Minimally he must have been mindful that his prior amendment protecting the unborn was removed by the Senate. Yet he voted for it anyway with the cheap veneer of a meaningless, toothless, E.O.

    He is not cast into the darkness by me, he entered the darkness by his own volition, and lacks the fortitude to defend his position – it is just easier to slink away. That both the left and right reject him is illustrative of his lukewarmness and lack of spine.

    As a Catholic, he should also have been aware that this violated principals of solidarity, common good and subsidiarity. But those sophisticated points of doctrine I can give him a pass on.

    That he was for something that he was once against I can not. But a video of him on You-Tube dated 10/2008 suggested that abortion was not a deal breaker for him on this bill anyway so in reality he voted in character.

    “Rep. Bart Stupak speaking in Cheboygan, MI”

  5. Bill Kurtz says:

    To Daniel Kane, I would quote from Angelo Matera in the National Catholic Register following the 2008 election:
    “Let’s face it. A one-party strategy hasn’t worked. It leaves the pro-life movement in the political wilderness when Republicans are out of favor,” for whatever reason. “It’s also unjust. Democratic-leaning Catholics shouldn’t be forced to choose between their pro-life and social justice convictions.”
    As he made clear, Bart Stupak wanted health care reform, and was not (like, apparently, professional pro-lifers) looking to use abortion as an excuse to defeat something they didn’t really want anyway.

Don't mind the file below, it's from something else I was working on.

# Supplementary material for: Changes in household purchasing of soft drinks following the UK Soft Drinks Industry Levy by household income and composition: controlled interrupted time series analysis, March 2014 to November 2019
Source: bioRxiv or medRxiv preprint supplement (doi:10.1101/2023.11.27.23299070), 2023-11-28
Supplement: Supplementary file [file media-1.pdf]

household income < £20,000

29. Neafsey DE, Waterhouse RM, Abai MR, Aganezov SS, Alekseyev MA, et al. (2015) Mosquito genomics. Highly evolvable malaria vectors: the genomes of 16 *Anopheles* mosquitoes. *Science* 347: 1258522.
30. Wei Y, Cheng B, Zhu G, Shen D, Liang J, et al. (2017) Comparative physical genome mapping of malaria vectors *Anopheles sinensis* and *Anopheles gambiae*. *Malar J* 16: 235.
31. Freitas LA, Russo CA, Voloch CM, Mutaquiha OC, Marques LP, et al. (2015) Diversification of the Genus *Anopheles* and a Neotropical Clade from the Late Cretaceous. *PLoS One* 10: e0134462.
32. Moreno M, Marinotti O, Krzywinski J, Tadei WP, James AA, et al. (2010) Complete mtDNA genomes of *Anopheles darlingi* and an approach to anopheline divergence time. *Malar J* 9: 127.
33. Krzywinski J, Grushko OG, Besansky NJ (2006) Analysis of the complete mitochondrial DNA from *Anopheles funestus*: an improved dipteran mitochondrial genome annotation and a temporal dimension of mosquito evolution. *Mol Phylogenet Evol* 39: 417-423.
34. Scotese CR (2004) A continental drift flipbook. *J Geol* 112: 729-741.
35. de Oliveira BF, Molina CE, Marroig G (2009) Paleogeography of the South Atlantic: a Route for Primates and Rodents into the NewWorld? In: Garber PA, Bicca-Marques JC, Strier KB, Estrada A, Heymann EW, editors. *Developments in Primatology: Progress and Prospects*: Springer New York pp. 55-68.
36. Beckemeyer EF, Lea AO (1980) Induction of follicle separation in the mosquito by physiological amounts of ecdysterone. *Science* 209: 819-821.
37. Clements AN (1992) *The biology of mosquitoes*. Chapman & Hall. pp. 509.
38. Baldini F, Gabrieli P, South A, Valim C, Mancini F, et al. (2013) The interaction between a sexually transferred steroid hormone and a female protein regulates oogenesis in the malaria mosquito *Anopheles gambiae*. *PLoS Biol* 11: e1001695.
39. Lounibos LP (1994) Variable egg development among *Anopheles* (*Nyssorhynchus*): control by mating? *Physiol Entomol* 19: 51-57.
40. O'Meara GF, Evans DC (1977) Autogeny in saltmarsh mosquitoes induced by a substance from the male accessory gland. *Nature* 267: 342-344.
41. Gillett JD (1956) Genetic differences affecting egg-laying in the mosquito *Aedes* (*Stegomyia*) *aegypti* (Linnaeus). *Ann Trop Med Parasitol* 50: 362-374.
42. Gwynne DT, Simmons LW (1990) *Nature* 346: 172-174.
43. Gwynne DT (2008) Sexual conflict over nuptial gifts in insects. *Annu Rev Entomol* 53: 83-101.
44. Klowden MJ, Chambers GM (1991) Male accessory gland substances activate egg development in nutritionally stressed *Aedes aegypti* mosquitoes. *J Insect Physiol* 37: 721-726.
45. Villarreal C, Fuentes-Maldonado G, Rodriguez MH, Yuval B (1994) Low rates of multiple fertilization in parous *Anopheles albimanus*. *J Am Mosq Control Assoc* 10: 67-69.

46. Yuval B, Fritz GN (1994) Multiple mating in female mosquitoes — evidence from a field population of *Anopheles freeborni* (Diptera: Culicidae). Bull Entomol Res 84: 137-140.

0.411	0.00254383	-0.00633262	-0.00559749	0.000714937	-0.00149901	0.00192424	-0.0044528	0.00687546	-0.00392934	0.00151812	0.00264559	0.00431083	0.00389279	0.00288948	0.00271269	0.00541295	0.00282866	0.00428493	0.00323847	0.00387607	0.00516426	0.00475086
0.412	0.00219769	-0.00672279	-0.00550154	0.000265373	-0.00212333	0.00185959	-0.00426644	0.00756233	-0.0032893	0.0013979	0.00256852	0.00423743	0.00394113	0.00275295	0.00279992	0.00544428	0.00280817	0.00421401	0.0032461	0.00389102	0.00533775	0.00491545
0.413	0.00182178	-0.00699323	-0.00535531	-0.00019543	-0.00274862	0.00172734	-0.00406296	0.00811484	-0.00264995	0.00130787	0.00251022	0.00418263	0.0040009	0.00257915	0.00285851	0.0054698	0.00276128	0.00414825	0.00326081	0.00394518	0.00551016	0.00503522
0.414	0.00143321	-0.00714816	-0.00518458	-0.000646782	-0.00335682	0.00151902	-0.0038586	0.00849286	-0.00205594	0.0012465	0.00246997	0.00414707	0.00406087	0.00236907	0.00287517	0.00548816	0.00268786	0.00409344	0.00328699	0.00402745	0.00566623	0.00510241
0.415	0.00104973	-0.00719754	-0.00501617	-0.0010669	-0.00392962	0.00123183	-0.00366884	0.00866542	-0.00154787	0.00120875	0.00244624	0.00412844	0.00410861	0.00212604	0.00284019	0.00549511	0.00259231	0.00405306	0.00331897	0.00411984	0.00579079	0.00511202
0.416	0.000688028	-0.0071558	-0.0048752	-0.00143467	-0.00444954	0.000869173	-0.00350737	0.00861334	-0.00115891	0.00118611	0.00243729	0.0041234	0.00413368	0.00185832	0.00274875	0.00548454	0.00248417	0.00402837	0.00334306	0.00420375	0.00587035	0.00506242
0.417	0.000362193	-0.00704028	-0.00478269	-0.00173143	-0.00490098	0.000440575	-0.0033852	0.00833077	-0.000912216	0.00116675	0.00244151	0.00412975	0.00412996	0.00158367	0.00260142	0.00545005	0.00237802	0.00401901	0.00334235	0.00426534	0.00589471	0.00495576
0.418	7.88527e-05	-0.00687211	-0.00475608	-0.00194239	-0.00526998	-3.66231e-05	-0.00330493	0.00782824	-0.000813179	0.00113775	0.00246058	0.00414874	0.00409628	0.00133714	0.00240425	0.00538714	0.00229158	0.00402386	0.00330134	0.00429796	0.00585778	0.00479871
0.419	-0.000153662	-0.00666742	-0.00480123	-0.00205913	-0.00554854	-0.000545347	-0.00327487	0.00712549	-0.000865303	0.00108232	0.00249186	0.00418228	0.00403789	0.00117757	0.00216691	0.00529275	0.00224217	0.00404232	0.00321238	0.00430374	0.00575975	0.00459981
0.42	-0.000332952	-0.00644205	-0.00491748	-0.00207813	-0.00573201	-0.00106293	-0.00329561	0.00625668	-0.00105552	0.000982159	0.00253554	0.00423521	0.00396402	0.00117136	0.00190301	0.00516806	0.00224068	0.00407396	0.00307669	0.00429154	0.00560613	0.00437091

And as Ross Douthat has pointed out, “many abortion opponents can’t reconcile their views on social justice with the harder-edged ‘any redistribution equals socialism’ tendencies in the Republican Party.”

    • Dan says:

      The Pope has reminded us that at the heart of social justice is personal loving care for each and every human person. As such, we will never have “social justice” as long as abortion is legal for it is a primary violation of justice for unborn children.

  6. smf says:

    Hold it, may I suggest looking at Stupak’s own statements regarding his retirment. Yes, there is the usual bit about family time, ect. that is all well and good.

    The heart of the matter can be found in his explanations of his retirement.

    He says he accomplished is own number one goal. (Mission Accomplished anyone?)

    What is that goal?

    Health insurance reform.

    That was his primary, underlying and overriding motivation at all times.

    Thus we can fairly say Stupak was a health care reformer with some degree of pro-life leanings.